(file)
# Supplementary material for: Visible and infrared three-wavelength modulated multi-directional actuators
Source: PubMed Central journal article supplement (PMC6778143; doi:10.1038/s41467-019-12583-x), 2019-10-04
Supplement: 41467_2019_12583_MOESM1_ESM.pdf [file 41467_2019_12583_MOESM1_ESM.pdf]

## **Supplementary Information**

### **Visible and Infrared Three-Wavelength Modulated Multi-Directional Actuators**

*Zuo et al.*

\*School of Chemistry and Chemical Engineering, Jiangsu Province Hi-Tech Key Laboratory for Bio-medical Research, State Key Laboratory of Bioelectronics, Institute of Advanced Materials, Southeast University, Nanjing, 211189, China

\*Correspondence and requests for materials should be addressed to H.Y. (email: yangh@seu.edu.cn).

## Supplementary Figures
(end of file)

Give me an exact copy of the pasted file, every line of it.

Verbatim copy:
# Supplementary material for: Visible and infrared three-wavelength modulated multi-directional actuators
Source: PubMed Central journal article supplement (PMC6778143; doi:10.1038/s41467-019-12583-x), 2019-10-04
Supplement: 41467_2019_12583_MOESM1_ESM.pdf [file 41467_2019_12583_MOESM1_ESM.pdf]

## **Supplementary Information**

### **Visible and Infrared Three-Wavelength Modulated Multi-Directional Actuators**

*Zuo et al.*

\*School of Chemistry and Chemical Engineering, Jiangsu Province Hi-Tech Key Laboratory for Bio-medical Research, State Key Laboratory of Bioelectronics, Institute of Advanced Materials, Southeast University, Nanjing, 211189, China

\*Correspondence and requests for materials should be addressed to H.Y. (email: yangh@seu.edu.cn).

## Supplementary Figures